Cost-benefit analysis of immigration is ordered

? After having failed to adopt immigration legislation this year, lawmakers are hoping a study will help them reach consensus next year.

“Before we decide on fiscal policies that affect our economy, shouldn’t we have some idea on what we are doing and what the outcomes might be if we make those changes?” asked state Rep. Nile Dillmore, D-Wichita.

Dillmore inserted into the state budget bill a measure that calls for the Legislative Division of Post Audit to conduct an audit that attempts to determine the costs of illegal immigration in Kansas. The report is expected to be completed during the next legislative session, which starts in January.

The audit will try to determine the costs to the state of Kansas for benefits and services provided to illegal immigrants, the estimated tax revenues from illegal immigrants, and whether the taxes they pay offset the costs of benefits provided.

And finally, the audit will study the effect that illegal immigration has on labor costs and the job market in Kansas.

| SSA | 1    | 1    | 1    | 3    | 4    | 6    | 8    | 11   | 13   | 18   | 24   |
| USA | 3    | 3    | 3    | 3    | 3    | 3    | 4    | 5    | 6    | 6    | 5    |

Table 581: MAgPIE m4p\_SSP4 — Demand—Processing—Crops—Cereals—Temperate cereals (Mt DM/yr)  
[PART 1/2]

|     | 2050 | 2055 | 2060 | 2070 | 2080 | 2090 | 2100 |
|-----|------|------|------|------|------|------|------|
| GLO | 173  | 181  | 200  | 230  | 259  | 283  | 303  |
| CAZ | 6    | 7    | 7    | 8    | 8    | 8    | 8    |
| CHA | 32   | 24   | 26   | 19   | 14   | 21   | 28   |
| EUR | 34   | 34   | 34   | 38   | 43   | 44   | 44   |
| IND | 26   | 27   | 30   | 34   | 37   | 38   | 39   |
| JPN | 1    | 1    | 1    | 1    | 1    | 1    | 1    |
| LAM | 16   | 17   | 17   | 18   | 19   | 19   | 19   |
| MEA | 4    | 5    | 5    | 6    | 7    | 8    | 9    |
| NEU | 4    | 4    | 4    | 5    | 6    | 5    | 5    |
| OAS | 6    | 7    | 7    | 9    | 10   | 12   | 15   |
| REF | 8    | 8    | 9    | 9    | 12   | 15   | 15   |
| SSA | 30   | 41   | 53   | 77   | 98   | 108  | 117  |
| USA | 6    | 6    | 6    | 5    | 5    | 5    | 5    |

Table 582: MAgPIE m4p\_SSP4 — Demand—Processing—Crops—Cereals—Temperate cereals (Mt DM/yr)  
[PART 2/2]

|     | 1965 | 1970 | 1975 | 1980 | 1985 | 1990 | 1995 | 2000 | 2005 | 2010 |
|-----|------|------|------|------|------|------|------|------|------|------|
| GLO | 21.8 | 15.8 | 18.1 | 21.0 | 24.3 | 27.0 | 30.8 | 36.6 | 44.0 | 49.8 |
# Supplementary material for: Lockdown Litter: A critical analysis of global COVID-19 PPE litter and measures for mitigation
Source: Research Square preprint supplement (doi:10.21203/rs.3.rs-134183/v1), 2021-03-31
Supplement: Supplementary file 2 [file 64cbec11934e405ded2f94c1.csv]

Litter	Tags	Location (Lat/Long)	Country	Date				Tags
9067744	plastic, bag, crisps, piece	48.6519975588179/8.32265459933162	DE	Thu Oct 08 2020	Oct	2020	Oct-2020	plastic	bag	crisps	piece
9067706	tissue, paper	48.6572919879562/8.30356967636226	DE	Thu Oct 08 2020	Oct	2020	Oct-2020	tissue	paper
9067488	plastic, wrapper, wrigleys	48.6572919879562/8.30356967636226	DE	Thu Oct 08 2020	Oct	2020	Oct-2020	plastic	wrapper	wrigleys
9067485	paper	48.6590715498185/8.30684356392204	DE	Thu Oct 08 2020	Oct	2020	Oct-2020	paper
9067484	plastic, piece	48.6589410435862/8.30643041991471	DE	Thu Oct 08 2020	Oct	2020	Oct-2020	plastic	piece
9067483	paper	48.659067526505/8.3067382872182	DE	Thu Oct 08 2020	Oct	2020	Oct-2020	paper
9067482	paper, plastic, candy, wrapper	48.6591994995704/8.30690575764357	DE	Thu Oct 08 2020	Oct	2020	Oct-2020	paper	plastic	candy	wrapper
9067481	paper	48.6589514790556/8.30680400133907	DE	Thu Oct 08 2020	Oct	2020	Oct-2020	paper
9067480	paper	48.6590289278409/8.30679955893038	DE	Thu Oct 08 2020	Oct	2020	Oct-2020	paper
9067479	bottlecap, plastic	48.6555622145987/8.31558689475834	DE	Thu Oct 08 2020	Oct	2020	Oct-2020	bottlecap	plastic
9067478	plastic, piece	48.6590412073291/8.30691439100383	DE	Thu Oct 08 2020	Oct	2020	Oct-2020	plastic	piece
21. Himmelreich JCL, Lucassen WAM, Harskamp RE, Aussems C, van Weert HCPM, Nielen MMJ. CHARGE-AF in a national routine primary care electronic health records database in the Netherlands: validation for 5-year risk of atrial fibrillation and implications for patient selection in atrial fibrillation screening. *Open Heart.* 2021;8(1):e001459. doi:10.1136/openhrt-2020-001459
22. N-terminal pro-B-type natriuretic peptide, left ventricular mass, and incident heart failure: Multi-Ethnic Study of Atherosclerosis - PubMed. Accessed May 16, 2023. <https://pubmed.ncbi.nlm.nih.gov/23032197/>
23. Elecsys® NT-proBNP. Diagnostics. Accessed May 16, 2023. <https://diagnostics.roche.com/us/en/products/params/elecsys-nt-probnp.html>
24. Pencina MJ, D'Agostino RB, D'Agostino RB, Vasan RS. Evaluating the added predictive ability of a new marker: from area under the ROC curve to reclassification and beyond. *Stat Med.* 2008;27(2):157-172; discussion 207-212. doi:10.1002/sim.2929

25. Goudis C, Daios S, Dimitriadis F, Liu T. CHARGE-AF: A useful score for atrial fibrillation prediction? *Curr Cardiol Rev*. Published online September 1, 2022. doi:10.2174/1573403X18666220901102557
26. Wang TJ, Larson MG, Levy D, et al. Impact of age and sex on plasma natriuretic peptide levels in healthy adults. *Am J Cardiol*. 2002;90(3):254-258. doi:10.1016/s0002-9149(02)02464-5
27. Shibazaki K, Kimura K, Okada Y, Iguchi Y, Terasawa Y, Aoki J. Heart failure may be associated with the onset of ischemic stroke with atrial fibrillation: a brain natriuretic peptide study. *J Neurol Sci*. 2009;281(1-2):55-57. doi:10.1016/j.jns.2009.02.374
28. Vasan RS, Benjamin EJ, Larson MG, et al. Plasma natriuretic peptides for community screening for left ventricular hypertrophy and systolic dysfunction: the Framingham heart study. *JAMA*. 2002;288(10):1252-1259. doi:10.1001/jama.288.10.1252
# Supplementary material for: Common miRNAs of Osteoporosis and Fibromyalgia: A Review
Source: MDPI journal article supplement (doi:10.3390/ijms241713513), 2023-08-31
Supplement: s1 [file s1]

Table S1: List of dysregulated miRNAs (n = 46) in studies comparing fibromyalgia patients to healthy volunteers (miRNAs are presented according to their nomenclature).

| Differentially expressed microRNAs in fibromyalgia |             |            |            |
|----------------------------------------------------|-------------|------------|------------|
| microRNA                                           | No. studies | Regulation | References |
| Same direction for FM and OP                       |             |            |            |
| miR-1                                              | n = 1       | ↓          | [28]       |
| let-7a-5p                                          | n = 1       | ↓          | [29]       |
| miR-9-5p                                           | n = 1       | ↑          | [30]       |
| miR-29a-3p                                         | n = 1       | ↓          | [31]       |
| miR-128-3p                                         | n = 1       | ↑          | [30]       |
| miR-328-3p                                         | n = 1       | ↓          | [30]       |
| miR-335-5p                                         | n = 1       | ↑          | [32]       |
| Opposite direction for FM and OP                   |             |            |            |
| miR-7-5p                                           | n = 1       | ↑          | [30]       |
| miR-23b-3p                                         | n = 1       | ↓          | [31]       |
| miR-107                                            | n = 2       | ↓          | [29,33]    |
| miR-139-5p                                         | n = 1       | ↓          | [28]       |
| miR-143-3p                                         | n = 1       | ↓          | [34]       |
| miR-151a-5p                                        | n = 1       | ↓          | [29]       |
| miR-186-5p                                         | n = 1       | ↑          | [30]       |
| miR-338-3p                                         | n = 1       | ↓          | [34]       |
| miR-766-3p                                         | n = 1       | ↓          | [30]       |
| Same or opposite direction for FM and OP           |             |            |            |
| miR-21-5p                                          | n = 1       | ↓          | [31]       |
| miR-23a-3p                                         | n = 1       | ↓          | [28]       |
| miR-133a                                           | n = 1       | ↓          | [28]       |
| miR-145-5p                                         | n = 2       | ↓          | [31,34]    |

Jonathan Blazer, a public benefits policy attorney with the National Immigration Law Center, said contrary to popular opinion, many studies had shown that undocumented workers had a positive effect on the economy.

“There is still this myth that is fueling this debate that immigrants are a drain as opposed to an asset,” Blazer said.

He said undocumented workers pay more in taxes into the economy than they derive in benefits.

Some studies, he said, show that they may depress wages in certain labor markets. But, he said, the solution to that is to provide them a way to attain citizenship so that they are not exploited by unscrupulous employers.

He said it was important for states to tread cautiously when trying to enact immigration laws.

In Oklahoma, for example, an anti-illegal immigration law that took effect last year will cause $1.8 billion in economic losses, according to a study done by the Oklahoma Bankers Association.

The losses will be incurred because of thousands of workers leaving the state, the study said.

Legislation in Kansas failed after intense lobbying from business groups that said the proposals would have placed too much responsibility on businesses to determine whether employees were illegal immigrants. They fought sanctions against employers hiring illegal immigrants and a requirement that employers use the federal E-Verify database to check the status of workers being hired.

But Dillmore said the business associations simply wanted to avoid responsibility.

“Their attitude was, this is not their problem,” he said.